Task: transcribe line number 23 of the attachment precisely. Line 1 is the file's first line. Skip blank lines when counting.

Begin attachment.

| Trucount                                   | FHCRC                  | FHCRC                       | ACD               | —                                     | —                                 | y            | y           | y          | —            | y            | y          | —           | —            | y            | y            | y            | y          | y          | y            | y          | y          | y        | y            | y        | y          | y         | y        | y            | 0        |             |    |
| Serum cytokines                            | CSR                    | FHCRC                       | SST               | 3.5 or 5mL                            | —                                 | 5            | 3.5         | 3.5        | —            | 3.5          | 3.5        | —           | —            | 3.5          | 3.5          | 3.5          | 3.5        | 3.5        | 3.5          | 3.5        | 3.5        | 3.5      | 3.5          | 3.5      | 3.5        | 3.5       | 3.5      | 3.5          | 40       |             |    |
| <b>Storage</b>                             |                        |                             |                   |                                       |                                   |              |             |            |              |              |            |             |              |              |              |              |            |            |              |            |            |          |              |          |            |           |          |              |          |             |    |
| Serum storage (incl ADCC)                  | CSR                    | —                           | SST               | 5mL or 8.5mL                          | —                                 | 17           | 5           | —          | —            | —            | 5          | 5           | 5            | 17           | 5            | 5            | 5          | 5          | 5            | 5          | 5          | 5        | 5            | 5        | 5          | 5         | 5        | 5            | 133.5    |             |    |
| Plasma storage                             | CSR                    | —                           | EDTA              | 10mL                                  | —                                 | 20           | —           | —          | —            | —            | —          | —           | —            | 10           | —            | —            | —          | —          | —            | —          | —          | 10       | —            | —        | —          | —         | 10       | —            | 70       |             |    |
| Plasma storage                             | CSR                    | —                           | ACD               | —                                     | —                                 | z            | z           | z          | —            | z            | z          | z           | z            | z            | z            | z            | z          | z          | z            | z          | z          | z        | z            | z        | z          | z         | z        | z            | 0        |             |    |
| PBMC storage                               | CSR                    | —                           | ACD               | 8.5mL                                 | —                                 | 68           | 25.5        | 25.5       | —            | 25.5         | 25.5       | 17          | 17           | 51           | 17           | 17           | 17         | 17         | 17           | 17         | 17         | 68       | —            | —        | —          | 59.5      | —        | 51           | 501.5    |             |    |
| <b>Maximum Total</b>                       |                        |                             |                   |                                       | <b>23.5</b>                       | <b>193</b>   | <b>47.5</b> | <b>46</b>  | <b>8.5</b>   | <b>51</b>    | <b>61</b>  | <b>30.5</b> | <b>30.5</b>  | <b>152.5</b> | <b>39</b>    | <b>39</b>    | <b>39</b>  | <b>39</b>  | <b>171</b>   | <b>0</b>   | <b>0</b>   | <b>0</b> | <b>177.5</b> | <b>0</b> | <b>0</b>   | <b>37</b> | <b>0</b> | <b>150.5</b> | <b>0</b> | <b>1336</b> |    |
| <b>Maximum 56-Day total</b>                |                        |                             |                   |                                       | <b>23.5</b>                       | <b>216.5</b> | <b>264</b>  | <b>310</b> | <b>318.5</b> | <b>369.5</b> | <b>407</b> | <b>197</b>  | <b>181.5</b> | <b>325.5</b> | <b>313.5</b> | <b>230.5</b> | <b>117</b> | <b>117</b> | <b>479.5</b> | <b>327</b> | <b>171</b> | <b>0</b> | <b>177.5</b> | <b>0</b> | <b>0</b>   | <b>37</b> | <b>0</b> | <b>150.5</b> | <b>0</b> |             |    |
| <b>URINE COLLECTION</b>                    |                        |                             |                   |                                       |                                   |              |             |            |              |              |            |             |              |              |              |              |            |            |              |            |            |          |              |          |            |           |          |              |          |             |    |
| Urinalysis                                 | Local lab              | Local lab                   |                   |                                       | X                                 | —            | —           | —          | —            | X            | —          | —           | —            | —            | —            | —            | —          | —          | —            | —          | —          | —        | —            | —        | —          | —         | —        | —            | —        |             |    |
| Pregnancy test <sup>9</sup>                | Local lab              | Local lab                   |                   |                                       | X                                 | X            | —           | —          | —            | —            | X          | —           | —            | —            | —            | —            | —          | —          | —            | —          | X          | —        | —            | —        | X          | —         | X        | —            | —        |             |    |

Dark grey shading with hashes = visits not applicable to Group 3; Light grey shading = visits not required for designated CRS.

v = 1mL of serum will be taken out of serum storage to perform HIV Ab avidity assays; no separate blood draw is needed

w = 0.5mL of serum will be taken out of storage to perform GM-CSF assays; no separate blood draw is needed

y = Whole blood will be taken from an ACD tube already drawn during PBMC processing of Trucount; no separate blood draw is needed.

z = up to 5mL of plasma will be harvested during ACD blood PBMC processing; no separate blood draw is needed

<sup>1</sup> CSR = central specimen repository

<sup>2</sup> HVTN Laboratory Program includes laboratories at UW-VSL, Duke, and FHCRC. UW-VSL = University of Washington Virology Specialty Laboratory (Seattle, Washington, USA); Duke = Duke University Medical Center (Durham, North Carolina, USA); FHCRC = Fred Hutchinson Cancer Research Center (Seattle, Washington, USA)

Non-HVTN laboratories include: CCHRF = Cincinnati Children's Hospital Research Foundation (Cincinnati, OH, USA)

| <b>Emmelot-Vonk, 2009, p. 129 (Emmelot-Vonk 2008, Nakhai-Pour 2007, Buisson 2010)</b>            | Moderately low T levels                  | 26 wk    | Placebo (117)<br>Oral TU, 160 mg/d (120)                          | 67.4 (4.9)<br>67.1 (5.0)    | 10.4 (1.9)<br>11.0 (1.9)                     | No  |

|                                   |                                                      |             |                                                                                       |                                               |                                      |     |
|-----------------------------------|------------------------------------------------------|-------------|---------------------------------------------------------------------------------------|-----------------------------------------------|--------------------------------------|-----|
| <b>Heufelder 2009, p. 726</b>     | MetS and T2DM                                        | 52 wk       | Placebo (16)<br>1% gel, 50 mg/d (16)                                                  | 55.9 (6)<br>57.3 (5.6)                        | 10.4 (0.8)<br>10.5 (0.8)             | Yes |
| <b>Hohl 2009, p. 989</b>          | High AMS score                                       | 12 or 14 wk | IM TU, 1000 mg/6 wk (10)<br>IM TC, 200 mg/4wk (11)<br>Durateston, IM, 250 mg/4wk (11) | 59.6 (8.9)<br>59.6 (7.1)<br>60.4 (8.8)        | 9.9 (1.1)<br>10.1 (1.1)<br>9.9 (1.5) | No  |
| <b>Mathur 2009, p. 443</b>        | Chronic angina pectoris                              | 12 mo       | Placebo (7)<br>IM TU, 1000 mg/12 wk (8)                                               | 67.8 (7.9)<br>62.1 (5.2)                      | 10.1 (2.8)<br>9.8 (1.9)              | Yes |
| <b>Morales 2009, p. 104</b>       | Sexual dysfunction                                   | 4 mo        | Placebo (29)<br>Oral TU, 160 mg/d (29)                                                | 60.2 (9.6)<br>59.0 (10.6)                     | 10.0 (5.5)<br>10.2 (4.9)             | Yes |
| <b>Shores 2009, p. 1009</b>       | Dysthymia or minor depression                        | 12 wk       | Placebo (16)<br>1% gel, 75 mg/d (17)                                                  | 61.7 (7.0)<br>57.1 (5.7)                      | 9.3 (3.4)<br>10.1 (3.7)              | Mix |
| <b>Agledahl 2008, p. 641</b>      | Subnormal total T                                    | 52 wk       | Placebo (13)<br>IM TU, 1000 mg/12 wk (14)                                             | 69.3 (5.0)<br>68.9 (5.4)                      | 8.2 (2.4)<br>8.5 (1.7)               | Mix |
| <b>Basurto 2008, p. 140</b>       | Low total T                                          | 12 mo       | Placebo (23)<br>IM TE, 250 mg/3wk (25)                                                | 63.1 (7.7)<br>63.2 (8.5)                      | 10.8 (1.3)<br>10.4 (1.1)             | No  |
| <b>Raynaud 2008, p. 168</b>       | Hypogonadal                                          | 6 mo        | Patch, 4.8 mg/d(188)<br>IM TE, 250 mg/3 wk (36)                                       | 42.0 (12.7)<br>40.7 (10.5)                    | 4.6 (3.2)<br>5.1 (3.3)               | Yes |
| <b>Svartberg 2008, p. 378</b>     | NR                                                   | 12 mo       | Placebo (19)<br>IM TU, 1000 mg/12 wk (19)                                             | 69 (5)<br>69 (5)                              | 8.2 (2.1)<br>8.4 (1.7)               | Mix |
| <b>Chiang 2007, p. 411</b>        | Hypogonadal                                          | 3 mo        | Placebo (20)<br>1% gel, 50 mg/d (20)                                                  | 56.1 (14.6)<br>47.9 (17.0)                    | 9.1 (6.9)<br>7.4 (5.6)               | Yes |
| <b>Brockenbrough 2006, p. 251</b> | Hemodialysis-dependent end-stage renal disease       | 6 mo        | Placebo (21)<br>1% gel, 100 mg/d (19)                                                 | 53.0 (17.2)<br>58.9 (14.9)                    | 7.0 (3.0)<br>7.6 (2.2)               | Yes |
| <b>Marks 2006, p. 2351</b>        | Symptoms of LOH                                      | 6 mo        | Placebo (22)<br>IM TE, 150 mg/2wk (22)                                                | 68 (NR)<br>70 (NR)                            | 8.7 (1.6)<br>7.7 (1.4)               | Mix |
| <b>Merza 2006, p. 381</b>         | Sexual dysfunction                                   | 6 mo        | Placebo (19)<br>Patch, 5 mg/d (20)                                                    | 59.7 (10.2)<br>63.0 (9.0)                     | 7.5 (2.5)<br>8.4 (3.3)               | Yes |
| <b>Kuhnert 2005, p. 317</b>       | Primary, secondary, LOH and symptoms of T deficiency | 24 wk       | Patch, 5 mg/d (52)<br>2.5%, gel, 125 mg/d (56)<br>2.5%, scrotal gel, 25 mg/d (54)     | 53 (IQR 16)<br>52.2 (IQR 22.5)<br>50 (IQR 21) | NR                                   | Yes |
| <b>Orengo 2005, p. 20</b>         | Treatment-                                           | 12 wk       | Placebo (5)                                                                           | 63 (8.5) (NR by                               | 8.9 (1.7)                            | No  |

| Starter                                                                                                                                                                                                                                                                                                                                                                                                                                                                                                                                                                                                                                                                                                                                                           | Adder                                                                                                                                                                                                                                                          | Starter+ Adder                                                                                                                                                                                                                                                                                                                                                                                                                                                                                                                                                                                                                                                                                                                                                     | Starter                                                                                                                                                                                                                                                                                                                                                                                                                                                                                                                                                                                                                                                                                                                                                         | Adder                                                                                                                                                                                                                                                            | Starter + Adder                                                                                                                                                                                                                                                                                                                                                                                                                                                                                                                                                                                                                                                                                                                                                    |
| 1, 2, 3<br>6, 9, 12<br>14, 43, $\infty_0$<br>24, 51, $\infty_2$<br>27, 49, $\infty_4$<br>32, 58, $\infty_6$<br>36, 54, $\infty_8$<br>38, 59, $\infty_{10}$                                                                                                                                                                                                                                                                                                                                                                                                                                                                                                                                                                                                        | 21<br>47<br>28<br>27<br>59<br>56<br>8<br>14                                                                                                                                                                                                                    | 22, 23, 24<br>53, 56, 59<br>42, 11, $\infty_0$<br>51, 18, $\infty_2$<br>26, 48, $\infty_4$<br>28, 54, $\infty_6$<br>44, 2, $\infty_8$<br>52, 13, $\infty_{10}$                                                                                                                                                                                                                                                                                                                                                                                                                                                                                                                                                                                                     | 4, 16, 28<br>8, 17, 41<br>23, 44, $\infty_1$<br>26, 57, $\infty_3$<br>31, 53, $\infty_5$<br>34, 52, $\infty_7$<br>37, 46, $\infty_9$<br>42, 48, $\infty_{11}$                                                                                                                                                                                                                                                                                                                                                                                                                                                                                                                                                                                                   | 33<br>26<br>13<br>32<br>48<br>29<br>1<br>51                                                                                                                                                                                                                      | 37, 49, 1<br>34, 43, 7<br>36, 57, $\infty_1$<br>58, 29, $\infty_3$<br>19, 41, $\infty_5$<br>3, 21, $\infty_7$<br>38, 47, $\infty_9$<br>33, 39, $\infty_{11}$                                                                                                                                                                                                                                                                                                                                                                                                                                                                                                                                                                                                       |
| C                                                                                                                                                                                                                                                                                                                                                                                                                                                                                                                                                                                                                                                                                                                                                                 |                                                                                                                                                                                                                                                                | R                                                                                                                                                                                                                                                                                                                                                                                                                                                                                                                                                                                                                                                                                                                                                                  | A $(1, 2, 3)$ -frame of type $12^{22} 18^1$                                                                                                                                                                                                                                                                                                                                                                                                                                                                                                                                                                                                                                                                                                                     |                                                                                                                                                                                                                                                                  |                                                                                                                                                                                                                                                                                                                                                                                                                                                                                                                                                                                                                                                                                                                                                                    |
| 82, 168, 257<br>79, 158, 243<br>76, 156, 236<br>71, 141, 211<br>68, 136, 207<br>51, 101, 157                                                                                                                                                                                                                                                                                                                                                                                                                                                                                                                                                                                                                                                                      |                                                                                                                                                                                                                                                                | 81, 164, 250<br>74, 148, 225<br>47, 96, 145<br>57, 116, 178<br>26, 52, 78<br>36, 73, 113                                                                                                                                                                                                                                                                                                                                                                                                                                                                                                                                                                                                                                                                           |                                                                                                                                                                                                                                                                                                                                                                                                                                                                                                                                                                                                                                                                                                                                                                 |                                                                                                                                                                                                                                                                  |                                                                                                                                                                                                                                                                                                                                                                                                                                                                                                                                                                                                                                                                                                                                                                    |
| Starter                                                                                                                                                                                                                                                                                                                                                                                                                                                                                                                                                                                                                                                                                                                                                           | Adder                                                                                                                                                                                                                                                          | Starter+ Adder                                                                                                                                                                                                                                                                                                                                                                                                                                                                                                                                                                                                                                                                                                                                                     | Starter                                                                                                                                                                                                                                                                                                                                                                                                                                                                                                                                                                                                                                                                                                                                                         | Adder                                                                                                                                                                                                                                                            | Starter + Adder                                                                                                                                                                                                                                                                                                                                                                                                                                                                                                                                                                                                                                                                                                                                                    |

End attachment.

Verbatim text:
|-----------------------------------|------------------------------------------------------|-------------|---------------------------------------------------------------------------------------|-----------------------------------------------|--------------------------------------|-----|